Curtis Shepard is an ingenious actor. He’s to be remembered from performances with Children’s Theater, at the Arts Consortium, at the Museum Center and on other Cincinnati stages. But as he demonstrates in UnMasked, he is also an ingenious and energizing writer. He has that rare playwright’s knack for imagining a character, then arranging a spare dozen or two words that, when spoken, will ignite into a portrait. Not a caricature, mind you. Not a sketch or a type. A multi-dimensional character.
When actor Shepard takes over from writer Shepard, he adds a gesture or two, a signature tone of voice, a characterizing mannerism, and in nanoseconds there stands an individual zinging with energy, ready and able to lay some ideas on you and just as able to ask and deserve your attention.
Shepard says that everyone in the world possesses a very precious thing: his or her story. And they have two serious responsibilities: To live their stories and to tell their stories. A dozen or more times during his 60-minute unmasking he turns his back briefly and steps around a plastic lawn chair that in the only thing on the platform with him. When he turns back, somebody different is standing there, already plunging into the middle of his story. No preambles or reasons why. No scene-setting or excess exposition. You don’t hear many names or dates or much about background. Suddenly you’re up close and personal with someone you’ve never met, someone who immediately begins unmasking.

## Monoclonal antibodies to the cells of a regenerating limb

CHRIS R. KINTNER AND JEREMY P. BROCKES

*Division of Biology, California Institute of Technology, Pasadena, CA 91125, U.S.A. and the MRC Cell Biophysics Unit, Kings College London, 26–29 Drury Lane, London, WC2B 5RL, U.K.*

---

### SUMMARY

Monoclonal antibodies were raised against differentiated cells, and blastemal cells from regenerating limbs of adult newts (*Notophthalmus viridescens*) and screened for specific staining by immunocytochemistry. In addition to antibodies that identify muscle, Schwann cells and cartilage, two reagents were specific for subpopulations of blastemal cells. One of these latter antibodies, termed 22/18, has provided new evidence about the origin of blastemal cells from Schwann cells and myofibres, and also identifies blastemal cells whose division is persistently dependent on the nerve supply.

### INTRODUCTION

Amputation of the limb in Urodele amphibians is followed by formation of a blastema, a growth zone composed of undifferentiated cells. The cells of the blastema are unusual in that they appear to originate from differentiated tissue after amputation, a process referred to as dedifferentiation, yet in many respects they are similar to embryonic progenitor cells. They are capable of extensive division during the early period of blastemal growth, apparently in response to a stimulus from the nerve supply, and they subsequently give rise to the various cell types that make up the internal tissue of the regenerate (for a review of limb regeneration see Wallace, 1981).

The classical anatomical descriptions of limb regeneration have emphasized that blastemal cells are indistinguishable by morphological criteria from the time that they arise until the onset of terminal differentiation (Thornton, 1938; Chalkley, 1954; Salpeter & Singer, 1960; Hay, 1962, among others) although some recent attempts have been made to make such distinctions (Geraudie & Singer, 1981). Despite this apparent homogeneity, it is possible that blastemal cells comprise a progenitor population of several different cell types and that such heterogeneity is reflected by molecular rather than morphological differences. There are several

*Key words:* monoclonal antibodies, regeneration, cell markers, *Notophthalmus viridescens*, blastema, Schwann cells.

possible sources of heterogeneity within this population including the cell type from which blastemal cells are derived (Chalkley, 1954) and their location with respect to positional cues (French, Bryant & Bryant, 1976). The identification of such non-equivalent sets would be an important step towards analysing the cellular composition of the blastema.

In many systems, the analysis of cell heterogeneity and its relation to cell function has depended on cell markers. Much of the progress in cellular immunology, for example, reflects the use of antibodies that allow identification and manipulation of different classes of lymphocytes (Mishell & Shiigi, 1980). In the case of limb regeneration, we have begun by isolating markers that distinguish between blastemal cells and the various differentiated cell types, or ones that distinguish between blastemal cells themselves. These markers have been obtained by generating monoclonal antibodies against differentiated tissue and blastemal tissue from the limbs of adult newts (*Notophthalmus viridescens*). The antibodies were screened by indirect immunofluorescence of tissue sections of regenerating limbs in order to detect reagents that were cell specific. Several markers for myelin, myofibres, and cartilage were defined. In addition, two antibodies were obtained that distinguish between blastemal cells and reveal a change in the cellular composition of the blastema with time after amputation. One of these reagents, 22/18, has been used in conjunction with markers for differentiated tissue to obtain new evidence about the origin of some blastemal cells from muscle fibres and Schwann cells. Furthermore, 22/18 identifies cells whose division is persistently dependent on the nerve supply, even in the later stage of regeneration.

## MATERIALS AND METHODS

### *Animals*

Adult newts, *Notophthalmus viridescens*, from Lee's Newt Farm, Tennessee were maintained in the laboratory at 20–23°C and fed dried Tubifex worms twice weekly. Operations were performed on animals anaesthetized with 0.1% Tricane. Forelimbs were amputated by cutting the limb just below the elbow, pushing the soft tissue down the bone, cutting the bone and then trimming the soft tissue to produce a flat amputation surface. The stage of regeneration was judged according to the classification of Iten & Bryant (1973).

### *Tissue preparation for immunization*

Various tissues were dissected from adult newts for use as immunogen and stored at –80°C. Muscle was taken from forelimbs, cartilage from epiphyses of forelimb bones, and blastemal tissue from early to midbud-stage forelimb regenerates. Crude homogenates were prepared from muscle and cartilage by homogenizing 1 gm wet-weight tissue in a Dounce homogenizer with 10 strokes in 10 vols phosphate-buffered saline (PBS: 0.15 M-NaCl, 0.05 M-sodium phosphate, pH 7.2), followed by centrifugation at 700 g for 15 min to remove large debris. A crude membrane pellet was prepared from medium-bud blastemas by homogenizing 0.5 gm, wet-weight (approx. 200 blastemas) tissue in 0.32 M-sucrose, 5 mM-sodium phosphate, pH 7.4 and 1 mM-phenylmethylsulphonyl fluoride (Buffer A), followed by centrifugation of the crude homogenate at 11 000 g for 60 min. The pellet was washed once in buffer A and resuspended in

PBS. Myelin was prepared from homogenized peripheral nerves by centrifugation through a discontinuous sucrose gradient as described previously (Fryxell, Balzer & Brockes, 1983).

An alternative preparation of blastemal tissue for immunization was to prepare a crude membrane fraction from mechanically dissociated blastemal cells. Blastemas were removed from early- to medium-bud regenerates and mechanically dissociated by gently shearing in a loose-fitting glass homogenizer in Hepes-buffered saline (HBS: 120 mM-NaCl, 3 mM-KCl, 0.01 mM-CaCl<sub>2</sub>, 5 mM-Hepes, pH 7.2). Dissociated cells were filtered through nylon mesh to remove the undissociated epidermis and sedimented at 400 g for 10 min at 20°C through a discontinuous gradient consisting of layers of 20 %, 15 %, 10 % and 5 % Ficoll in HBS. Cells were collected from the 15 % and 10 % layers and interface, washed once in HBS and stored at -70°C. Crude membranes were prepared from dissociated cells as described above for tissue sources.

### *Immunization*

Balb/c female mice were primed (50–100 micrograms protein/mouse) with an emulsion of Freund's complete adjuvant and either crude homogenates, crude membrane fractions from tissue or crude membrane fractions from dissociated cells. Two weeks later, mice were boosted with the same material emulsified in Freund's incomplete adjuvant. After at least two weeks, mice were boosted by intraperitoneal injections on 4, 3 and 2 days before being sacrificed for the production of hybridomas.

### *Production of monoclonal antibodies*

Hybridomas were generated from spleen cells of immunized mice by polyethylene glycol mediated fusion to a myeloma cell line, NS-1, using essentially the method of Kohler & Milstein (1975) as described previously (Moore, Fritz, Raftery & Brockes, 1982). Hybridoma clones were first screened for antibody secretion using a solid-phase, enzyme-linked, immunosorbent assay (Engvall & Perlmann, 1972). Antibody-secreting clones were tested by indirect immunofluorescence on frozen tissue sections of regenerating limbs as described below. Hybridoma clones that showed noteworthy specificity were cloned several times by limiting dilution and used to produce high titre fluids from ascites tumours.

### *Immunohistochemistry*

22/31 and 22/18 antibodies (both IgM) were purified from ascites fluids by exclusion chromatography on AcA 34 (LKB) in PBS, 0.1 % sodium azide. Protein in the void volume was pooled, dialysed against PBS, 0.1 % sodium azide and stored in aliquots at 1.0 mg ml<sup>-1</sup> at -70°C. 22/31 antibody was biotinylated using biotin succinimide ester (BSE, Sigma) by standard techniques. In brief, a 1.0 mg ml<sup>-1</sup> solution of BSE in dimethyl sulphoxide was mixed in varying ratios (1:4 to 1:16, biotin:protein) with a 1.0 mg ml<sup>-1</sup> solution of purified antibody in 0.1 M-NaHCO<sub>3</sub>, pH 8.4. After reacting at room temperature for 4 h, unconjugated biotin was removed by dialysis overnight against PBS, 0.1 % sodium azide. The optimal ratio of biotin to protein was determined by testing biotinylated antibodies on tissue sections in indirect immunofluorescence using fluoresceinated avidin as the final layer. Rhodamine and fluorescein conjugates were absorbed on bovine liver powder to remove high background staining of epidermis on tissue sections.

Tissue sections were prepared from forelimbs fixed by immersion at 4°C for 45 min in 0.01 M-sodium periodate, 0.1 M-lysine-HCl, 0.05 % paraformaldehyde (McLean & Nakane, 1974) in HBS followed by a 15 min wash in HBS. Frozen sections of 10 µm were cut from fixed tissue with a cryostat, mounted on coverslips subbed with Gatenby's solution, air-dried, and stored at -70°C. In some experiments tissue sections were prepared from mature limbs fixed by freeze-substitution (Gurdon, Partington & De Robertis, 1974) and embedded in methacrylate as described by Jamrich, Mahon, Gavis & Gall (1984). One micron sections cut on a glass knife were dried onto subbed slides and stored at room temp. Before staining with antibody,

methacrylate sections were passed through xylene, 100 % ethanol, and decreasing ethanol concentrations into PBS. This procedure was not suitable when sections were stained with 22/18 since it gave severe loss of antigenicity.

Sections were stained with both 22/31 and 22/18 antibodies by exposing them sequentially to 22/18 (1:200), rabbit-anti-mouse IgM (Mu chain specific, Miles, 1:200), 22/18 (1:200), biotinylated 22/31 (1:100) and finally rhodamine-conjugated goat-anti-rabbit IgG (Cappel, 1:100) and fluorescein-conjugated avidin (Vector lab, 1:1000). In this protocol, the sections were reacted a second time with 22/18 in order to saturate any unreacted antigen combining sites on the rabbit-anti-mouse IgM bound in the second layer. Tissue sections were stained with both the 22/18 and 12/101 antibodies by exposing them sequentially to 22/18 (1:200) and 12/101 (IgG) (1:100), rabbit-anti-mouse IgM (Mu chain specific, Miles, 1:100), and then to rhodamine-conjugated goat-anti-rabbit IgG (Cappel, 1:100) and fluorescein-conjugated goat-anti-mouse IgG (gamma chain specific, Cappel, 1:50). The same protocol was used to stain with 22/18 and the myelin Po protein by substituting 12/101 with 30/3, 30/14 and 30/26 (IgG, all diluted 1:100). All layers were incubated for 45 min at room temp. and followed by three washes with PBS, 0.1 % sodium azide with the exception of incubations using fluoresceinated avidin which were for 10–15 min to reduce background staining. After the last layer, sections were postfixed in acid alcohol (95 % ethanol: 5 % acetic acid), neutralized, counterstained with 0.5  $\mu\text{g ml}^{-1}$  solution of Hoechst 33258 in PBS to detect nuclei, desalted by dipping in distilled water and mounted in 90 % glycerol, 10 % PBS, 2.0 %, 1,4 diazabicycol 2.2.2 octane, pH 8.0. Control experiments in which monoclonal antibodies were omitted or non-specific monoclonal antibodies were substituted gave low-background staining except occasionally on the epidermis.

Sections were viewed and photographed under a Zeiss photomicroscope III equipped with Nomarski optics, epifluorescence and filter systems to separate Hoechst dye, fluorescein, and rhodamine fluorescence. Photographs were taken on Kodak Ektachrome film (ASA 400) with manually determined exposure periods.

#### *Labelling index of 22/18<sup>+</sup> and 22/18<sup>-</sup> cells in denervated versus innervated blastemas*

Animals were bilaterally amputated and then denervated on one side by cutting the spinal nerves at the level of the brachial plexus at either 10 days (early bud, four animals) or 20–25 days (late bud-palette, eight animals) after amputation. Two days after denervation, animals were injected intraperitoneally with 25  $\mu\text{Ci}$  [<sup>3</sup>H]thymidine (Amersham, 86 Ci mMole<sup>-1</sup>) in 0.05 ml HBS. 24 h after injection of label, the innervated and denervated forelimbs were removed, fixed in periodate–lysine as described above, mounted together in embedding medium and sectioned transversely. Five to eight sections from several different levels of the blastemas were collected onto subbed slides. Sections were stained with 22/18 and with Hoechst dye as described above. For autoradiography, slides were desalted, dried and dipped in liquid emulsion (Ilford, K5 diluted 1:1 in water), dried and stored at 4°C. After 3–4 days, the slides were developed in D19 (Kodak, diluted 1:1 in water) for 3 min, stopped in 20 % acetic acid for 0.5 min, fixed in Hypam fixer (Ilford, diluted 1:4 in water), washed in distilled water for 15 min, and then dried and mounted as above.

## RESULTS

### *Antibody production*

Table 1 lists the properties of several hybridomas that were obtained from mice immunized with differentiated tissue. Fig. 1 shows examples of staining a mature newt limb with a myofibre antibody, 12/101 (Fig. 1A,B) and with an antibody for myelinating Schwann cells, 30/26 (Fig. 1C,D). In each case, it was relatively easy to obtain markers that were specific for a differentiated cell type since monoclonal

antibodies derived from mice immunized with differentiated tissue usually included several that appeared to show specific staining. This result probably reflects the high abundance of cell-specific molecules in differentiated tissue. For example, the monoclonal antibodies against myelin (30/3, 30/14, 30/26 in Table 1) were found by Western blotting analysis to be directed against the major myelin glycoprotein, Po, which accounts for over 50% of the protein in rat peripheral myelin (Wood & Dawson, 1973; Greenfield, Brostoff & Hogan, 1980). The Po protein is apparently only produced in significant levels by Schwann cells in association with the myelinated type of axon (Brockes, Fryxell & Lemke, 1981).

There’s a rapping hipster, but his rap is not stagy; it’s a natural manner of expression with him. Rhymed, rhythmic lines swim organically inside longer, unrhymed speeches. There’s a brain-damaged child with a talent for friendship — and for irritation. And there’s a wonderstruck dude who wakes up in a long white hallway with no doors and a floor of shining solid gold — shiny like, he tells us, a friend’s gold tooth when it was new. Sincere comedy and deep stress play equal parts in is his unmasking as he sorts out where he is.
Interviewed before the Fringe, Shepard said that the audience’s takeaway from his show should be that, “Everybody wears a mask; it’s important that we take them off and discover that we’re all the same and we all want to be loved and accepted and respected.”
In his 60-minute show Shepard unmasks eight distinct individuals, some rather fully, some less so — like an astonishing “little person” with the prominent breasts and the equally prominent mustache. Then, in a sudden finale that’s both startling and moving, he helps you realize that all along he’s been removing layers of masks from himself and, at the end, there stands Curtis, ready to be respected.
— Tom McElfresh